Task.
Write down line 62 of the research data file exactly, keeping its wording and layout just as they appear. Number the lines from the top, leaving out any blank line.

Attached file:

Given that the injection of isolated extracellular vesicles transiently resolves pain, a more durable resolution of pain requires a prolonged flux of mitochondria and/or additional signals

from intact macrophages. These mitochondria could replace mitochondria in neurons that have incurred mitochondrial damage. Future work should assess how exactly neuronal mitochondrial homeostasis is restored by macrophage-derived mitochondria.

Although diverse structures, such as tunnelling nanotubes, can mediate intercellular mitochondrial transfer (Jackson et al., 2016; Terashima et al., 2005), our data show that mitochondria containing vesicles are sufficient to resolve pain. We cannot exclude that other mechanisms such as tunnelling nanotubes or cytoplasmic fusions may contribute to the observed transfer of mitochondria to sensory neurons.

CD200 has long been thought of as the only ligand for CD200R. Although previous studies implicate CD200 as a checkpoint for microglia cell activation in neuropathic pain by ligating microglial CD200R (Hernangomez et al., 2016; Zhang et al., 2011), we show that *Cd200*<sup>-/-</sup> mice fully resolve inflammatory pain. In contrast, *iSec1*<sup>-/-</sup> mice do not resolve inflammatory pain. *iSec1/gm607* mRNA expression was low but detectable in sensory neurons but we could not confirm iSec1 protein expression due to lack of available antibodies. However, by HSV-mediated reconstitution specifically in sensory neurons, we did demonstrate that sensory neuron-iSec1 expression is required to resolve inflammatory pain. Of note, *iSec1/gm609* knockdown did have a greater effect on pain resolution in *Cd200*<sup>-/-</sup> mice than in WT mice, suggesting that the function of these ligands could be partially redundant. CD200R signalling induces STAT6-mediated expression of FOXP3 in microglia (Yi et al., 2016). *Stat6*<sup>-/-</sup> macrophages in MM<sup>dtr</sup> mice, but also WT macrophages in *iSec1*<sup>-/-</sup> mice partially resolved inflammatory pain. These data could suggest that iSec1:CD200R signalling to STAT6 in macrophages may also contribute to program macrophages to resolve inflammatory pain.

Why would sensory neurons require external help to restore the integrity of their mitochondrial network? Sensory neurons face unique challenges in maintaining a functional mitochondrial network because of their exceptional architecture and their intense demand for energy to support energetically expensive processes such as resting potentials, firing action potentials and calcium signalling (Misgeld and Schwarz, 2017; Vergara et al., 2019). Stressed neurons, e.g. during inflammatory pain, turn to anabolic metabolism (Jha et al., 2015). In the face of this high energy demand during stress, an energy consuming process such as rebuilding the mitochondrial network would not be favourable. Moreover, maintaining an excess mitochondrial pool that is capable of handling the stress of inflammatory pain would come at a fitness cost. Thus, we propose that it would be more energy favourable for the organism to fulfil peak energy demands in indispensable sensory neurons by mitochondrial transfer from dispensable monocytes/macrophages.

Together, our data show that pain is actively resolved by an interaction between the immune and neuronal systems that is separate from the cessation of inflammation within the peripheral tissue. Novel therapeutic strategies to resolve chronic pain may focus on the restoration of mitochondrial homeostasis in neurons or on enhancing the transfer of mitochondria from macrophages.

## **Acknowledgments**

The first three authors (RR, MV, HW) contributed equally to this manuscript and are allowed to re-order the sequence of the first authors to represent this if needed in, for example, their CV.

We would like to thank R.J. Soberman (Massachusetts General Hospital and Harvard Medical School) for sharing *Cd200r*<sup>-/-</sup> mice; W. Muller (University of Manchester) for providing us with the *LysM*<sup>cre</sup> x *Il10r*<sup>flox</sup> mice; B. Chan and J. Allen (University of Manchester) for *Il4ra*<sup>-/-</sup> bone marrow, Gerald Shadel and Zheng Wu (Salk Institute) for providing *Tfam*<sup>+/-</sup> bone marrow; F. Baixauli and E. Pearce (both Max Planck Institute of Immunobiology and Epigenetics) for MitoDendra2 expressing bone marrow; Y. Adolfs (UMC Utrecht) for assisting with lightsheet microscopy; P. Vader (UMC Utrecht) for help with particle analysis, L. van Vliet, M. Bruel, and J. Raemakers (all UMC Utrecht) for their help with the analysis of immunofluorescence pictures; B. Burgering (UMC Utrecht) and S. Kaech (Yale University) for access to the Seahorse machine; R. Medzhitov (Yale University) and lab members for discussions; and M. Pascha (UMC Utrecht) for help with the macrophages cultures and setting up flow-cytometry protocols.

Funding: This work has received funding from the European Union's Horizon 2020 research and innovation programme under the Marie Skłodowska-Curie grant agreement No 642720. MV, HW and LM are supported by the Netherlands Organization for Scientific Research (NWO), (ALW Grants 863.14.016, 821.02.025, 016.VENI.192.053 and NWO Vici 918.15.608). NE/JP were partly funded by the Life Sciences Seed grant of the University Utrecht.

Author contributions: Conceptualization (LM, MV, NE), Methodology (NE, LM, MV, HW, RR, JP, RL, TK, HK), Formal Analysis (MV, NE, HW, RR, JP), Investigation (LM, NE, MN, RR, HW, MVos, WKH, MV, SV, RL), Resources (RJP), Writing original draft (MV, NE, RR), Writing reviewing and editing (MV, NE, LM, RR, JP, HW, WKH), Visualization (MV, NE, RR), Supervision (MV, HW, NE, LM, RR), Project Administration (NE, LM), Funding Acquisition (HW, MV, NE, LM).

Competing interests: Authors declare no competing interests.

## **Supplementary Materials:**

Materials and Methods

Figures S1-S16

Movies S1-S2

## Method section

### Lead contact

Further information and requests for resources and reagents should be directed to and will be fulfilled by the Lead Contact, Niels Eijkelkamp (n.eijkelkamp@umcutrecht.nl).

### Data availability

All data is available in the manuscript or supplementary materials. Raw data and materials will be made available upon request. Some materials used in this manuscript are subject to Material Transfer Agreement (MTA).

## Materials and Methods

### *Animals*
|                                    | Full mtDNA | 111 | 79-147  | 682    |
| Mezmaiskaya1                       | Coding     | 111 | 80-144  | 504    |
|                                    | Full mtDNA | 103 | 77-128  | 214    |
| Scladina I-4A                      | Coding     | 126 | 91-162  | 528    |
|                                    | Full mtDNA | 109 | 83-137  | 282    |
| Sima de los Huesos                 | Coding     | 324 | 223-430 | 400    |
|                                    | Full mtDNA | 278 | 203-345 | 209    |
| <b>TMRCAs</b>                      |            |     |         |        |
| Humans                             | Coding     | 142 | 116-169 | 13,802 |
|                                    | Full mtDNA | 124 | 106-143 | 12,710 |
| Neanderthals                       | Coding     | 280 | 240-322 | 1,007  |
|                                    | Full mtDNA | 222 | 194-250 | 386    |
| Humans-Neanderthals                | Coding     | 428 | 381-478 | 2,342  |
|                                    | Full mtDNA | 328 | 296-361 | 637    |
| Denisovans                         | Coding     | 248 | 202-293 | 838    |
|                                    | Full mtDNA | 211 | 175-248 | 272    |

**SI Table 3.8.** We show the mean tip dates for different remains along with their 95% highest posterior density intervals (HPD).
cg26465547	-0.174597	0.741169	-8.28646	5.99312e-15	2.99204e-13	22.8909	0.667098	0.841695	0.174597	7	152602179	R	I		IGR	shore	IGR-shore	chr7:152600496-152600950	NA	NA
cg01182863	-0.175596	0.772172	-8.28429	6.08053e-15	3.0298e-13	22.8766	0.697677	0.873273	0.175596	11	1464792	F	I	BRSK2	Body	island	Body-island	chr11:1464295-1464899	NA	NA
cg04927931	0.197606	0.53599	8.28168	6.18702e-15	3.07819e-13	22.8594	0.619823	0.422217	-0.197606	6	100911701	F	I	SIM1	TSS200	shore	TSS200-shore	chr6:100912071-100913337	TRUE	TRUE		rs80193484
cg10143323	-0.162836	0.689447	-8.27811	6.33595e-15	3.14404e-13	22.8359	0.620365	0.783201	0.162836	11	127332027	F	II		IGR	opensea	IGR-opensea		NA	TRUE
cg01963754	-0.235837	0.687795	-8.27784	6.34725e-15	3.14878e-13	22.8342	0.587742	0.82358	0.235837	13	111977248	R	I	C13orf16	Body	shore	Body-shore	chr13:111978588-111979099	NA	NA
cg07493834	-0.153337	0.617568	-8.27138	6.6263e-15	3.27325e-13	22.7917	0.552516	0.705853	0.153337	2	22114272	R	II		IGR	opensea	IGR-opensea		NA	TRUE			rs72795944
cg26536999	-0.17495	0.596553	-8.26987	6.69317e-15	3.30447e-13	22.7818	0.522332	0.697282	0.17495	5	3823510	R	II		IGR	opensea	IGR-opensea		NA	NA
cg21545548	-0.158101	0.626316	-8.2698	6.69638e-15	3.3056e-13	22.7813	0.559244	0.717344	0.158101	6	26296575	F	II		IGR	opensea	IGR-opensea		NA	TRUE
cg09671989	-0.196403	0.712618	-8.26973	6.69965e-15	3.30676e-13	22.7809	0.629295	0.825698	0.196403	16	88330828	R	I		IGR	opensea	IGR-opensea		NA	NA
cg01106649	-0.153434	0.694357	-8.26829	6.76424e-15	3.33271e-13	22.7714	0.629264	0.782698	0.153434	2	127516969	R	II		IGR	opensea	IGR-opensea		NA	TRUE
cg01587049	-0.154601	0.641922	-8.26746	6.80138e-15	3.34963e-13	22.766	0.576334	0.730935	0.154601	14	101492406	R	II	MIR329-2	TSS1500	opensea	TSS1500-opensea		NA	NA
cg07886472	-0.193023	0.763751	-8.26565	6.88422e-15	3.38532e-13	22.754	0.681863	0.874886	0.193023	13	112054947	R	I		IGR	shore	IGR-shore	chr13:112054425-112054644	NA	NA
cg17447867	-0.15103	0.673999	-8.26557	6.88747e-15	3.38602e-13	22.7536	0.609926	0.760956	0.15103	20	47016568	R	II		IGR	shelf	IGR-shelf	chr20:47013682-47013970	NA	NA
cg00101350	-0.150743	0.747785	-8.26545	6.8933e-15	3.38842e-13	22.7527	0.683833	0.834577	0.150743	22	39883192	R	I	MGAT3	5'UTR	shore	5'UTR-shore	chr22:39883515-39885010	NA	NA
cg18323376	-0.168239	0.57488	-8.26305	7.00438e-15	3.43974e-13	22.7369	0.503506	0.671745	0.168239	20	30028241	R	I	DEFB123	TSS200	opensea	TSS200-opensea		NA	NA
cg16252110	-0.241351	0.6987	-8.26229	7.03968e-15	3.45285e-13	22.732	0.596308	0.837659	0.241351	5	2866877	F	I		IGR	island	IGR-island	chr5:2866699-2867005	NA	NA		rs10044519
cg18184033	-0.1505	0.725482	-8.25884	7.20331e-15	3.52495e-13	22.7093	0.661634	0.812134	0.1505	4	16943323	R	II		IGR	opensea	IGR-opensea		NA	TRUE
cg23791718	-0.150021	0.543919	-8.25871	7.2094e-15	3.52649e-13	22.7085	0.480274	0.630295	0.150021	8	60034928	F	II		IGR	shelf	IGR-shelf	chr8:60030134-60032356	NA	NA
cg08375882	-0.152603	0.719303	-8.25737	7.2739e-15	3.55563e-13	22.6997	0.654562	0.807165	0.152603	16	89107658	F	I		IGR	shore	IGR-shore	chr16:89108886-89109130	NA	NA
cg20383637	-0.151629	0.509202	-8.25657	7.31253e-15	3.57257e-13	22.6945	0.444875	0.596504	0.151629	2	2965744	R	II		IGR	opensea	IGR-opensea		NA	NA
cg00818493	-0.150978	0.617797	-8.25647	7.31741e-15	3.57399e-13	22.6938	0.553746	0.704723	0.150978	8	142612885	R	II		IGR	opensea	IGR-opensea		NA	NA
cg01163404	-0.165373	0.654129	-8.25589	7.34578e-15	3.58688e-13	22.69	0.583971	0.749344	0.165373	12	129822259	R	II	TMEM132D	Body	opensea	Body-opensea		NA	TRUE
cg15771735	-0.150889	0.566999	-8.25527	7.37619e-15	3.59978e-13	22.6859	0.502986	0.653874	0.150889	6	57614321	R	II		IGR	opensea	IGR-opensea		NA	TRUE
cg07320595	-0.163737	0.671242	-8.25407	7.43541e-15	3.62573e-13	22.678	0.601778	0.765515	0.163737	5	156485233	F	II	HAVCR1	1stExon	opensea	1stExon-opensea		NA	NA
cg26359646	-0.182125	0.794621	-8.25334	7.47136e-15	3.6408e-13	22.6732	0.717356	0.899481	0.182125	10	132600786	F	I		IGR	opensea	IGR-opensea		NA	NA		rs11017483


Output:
cg01163404	-0.165373	0.654129	-8.25589	7.34578e-15	3.58688e-13	22.69	0.583971	0.749344	0.165373	12	129822259	R	II	TMEM132D	Body	opensea	Body-opensea		NA	TRUE